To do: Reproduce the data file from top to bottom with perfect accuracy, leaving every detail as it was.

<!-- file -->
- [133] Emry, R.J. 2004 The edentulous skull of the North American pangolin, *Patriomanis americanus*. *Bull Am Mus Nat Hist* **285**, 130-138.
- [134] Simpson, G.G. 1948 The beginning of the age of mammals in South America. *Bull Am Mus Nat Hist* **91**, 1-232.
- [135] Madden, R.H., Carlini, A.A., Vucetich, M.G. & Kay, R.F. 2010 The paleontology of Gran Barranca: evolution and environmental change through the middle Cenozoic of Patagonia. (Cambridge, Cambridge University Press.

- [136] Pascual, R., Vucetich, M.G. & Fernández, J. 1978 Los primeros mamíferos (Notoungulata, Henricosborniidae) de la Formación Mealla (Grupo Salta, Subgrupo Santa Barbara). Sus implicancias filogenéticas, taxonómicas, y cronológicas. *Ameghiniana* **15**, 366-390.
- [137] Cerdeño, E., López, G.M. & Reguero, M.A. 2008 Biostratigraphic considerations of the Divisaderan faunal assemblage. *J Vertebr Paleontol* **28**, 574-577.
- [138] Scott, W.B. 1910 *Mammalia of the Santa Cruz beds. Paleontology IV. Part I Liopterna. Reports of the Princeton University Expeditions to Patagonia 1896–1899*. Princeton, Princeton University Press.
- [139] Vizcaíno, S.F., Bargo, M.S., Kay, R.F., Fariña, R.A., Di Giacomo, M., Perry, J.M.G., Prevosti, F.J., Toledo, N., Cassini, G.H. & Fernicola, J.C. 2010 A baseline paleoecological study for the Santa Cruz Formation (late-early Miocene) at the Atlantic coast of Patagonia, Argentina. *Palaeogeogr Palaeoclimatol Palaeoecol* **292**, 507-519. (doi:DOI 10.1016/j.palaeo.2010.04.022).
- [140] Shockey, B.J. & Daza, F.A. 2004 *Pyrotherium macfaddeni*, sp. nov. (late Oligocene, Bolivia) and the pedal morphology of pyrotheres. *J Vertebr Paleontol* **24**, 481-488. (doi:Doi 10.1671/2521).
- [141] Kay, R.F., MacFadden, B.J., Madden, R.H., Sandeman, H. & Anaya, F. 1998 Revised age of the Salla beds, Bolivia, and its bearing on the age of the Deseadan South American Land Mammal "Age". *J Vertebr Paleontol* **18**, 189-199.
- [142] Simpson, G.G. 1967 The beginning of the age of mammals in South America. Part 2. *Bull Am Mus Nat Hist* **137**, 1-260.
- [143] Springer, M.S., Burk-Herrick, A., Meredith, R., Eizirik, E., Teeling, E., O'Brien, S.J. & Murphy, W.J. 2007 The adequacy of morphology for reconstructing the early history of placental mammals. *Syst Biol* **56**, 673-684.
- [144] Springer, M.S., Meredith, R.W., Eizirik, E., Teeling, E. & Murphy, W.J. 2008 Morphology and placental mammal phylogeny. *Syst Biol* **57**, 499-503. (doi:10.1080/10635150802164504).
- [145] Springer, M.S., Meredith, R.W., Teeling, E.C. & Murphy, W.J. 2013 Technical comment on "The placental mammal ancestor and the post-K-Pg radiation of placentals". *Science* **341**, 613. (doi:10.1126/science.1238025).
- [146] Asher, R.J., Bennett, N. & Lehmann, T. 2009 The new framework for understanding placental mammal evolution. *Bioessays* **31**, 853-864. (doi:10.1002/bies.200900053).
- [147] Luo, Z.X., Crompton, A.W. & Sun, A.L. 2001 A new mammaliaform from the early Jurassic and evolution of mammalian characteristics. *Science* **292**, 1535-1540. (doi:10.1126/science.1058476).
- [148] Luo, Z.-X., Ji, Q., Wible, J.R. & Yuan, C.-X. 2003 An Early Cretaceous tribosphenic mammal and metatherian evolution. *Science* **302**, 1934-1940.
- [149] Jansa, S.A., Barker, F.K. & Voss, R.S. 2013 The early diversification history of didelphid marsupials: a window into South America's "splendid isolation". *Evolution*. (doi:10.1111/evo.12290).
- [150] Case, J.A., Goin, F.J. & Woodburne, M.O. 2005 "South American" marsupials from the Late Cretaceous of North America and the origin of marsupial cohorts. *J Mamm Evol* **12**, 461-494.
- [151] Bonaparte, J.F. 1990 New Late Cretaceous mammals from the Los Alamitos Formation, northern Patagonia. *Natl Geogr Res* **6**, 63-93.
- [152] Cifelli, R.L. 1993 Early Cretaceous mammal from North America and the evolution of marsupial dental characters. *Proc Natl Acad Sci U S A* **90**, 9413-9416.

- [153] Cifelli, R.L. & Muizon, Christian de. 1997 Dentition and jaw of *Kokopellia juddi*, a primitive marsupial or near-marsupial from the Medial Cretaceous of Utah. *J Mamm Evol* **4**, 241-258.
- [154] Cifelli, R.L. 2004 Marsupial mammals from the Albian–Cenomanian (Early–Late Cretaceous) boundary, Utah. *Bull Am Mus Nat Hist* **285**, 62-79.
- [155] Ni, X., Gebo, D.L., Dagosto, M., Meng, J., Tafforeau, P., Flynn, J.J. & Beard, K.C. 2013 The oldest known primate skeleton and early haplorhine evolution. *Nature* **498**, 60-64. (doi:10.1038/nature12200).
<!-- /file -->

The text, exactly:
- [133] Emry, R.J. 2004 The edentulous skull of the North American pangolin, *Patriomanis americanus*. *Bull Am Mus Nat Hist* **285**, 130-138.
- [134] Simpson, G.G. 1948 The beginning of the age of mammals in South America. *Bull Am Mus Nat Hist* **91**, 1-232.
- [135] Madden, R.H., Carlini, A.A., Vucetich, M.G. & Kay, R.F. 2010 The paleontology of Gran Barranca: evolution and environmental change through the middle Cenozoic of Patagonia. (Cambridge, Cambridge University Press.

- [136] Pascual, R., Vucetich, M.G. & Fernández, J. 1978 Los primeros mamíferos (Notoungulata, Henricosborniidae) de la Formación Mealla (Grupo Salta, Subgrupo Santa Barbara). Sus implicancias filogenéticas, taxonómicas, y cronológicas. *Ameghiniana* **15**, 366-390.
- [137] Cerdeño, E., López, G.M. & Reguero, M.A. 2008 Biostratigraphic considerations of the Divisaderan faunal assemblage. *J Vertebr Paleontol* **28**, 574-577.
- [138] Scott, W.B. 1910 *Mammalia of the Santa Cruz beds. Paleontology IV. Part I Liopterna. Reports of the Princeton University Expeditions to Patagonia 1896–1899*. Princeton, Princeton University Press.
- [139] Vizcaíno, S.F., Bargo, M.S., Kay, R.F., Fariña, R.A., Di Giacomo, M., Perry, J.M.G., Prevosti, F.J., Toledo, N., Cassini, G.H. & Fernicola, J.C. 2010 A baseline paleoecological study for the Santa Cruz Formation (late-early Miocene) at the Atlantic coast of Patagonia, Argentina. *Palaeogeogr Palaeoclimatol Palaeoecol* **292**, 507-519. (doi:DOI 10.1016/j.palaeo.2010.04.022).
- [140] Shockey, B.J. & Daza, F.A. 2004 *Pyrotherium macfaddeni*, sp. nov. (late Oligocene, Bolivia) and the pedal morphology of pyrotheres. *J Vertebr Paleontol* **24**, 481-488. (doi:Doi 10.1671/2521).
- [141] Kay, R.F., MacFadden, B.J., Madden, R.H., Sandeman, H. & Anaya, F. 1998 Revised age of the Salla beds, Bolivia, and its bearing on the age of the Deseadan South American Land Mammal "Age". *J Vertebr Paleontol* **18**, 189-199.
- [142] Simpson, G.G. 1967 The beginning of the age of mammals in South America. Part 2. *Bull Am Mus Nat Hist* **137**, 1-260.
- [143] Springer, M.S., Burk-Herrick, A., Meredith, R., Eizirik, E., Teeling, E., O'Brien, S.J. & Murphy, W.J. 2007 The adequacy of morphology for reconstructing the early history of placental mammals. *Syst Biol* **56**, 673-684.
- [144] Springer, M.S., Meredith, R.W., Eizirik, E., Teeling, E. & Murphy, W.J. 2008 Morphology and placental mammal phylogeny. *Syst Biol* **57**, 499-503. (doi:10.1080/10635150802164504).
- [145] Springer, M.S., Meredith, R.W., Teeling, E.C. & Murphy, W.J. 2013 Technical comment on "The placental mammal ancestor and the post-K-Pg radiation of placentals". *Science* **341**, 613. (doi:10.1126/science.1238025).
- [146] Asher, R.J., Bennett, N. & Lehmann, T. 2009 The new framework for understanding placental mammal evolution. *Bioessays* **31**, 853-864. (doi:10.1002/bies.200900053).
- [147] Luo, Z.X., Crompton, A.W. & Sun, A.L. 2001 A new mammaliaform from the early Jurassic and evolution of mammalian characteristics. *Science* **292**, 1535-1540. (doi:10.1126/science.1058476).
- [148] Luo, Z.-X., Ji, Q., Wible, J.R. & Yuan, C.-X. 2003 An Early Cretaceous tribosphenic mammal and metatherian evolution. *Science* **302**, 1934-1940.
- [149] Jansa, S.A., Barker, F.K. & Voss, R.S. 2013 The early diversification history of didelphid marsupials: a window into South America's "splendid isolation". *Evolution*. (doi:10.1111/evo.12290).
- [150] Case, J.A., Goin, F.J. & Woodburne, M.O. 2005 "South American" marsupials from the Late Cretaceous of North America and the origin of marsupial cohorts. *J Mamm Evol* **12**, 461-494.
- [151] Bonaparte, J.F. 1990 New Late Cretaceous mammals from the Los Alamitos Formation, northern Patagonia. *Natl Geogr Res* **6**, 63-93.
- [152] Cifelli, R.L. 1993 Early Cretaceous mammal from North America and the evolution of marsupial dental characters. *Proc Natl Acad Sci U S A* **90**, 9413-9416.

- [153] Cifelli, R.L. & Muizon, Christian de. 1997 Dentition and jaw of *Kokopellia juddi*, a primitive marsupial or near-marsupial from the Medial Cretaceous of Utah. *J Mamm Evol* **4**, 241-258.
- [154] Cifelli, R.L. 2004 Marsupial mammals from the Albian–Cenomanian (Early–Late Cretaceous) boundary, Utah. *Bull Am Mus Nat Hist* **285**, 62-79.
- [155] Ni, X., Gebo, D.L., Dagosto, M., Meng, J., Tafforeau, P., Flynn, J.J. & Beard, K.C. 2013 The oldest known primate skeleton and early haplorhine evolution. *Nature* **498**, 60-64. (doi:10.1038/nature12200).